Life on the Frontline – Week 2

lotfA weekly blog from a family made by adoption,  warmed by the laughter, broken by the sadness, held together by love with a big dollop of hope, oh, and often soaked in mummy tears. 

Well, week two of school was never going to be easy.  In fact, just like day two, after an army boot camp work out, the pain has been excruciating.  I know that may sound dramatic but wait and hear what I have to say first.

As I stood by the car door, trying to tease a sobbing boy from the car, all the school filed past us to assembly. All their little heads craning to see what the wild little boy was up to now. Out of the corner of my eye I saw two figures in uniform approaching. Two police officers were soon at my side assessing the situation. They were in school to deliver an assembly and one teacher had felt that the strong arm of the law may be helpful to our situation.

“Now come along young man time to get into school” gruff and assertive policeman said.

“Yes we’re here to tell you some important things in assembly” less gruff police officer said.

“And I would like to tell you to GET LOST” super anxious and traumatised child said.

“Well that’s not how you speak to a grown up” gruff says.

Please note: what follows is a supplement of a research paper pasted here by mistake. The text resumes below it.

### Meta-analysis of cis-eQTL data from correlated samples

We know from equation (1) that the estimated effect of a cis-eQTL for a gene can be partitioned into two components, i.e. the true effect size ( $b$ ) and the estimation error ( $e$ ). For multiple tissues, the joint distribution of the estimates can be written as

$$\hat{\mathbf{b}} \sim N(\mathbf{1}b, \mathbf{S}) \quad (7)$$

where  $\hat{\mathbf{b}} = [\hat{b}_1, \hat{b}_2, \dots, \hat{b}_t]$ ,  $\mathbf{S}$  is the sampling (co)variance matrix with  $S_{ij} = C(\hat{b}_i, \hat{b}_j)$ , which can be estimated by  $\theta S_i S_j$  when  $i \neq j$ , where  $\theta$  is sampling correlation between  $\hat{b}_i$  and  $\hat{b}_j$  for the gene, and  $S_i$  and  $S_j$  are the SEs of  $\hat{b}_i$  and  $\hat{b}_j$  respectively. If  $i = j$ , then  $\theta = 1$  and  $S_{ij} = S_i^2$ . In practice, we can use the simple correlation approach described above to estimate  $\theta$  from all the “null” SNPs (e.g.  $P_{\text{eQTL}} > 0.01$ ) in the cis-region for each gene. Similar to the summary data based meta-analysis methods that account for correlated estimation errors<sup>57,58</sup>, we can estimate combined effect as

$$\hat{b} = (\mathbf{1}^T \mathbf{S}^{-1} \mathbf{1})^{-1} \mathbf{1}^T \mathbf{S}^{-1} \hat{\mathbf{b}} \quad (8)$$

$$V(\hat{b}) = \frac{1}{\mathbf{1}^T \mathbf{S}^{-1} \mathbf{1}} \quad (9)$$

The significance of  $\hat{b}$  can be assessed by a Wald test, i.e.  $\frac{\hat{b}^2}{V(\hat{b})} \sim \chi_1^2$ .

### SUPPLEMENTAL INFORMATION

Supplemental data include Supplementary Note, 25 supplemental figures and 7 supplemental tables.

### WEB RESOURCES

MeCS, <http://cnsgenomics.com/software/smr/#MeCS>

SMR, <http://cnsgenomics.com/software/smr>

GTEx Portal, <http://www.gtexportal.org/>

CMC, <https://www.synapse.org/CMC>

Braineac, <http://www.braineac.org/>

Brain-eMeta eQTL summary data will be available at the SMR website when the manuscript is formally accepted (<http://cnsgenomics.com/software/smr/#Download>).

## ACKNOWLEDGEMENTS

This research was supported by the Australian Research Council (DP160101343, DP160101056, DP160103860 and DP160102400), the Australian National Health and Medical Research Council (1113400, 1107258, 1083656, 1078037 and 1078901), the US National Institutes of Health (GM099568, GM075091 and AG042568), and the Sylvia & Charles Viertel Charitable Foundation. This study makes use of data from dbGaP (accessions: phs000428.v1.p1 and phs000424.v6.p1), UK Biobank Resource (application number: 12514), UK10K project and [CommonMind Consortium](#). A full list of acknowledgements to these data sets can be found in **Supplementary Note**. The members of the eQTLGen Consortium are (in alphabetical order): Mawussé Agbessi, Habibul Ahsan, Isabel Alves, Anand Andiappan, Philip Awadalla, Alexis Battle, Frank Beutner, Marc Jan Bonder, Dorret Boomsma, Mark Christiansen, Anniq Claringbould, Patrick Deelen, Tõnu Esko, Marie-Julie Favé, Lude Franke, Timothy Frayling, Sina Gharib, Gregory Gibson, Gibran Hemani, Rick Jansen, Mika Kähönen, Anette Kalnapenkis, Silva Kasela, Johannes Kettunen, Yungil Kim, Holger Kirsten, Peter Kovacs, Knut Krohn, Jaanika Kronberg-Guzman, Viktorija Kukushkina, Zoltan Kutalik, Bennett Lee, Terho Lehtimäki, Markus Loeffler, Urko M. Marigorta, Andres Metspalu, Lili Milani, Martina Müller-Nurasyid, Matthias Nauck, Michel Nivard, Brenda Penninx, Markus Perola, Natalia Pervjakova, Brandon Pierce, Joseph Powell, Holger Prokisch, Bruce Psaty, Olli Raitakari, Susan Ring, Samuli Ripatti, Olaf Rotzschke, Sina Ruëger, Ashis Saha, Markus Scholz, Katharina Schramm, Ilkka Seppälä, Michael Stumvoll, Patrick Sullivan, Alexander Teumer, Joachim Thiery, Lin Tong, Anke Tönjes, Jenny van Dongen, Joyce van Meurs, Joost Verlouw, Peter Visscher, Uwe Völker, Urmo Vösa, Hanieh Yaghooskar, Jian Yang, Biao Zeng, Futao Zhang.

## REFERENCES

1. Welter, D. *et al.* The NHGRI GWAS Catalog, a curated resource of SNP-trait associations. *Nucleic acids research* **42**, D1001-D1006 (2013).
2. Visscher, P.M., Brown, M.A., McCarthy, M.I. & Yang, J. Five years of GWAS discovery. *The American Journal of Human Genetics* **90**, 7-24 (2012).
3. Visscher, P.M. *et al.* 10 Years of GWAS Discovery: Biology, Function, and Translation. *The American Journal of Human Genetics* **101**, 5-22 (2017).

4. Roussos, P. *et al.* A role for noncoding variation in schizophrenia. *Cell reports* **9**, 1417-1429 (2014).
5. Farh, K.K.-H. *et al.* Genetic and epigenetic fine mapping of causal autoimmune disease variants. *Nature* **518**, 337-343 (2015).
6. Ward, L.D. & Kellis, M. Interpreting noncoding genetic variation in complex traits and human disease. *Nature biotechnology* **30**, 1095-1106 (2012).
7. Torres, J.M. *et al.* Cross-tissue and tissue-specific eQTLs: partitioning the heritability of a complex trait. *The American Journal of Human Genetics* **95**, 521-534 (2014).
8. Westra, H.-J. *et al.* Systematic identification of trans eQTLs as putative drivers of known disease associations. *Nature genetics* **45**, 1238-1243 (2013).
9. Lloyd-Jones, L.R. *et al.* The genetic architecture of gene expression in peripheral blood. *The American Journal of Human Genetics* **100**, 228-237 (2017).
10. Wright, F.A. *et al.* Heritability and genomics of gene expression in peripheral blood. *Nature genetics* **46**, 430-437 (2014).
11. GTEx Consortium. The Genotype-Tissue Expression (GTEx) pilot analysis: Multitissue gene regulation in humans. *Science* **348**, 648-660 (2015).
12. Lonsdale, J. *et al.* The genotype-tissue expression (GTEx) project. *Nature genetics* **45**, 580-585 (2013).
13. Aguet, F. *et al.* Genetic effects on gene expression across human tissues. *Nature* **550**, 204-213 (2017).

“This is none of your business” was Small’s reply.

“This isn’t helping” I say and step between the officers and my boy and they take their cue to leave.

Again I did eventually get him into school but again it was far from triumphant , the wildness in his eyes as he ran down the corridor, scanning for a safe place to hide, made me feel sick. But I left him, I really didn’t want to but I did and again I cried.

As I opened my front door, those police officers popped into my mind again. They would still be in school.  What if someone decides that a stern talking to is what is required,  a bit of “this boy needs a firm hand” sort of approach. An approach I’d already seen attempted that morning and an approach with no consideration of what this might trigger for a traumatised child.

An obvious trigger to those in the know. You know, that moment when police officer enter your home and remove you from your birth family. Yes that trigger.

I picked up the phone and called school.

“I do not want those police officers speaking to Small please” I said and provided the explanation as to why. I felt relieved that I’d been able to catch that ball before it dropped and went about rewarding myself with a cup of tea.

Not ten minutes later the phone rang. It was school.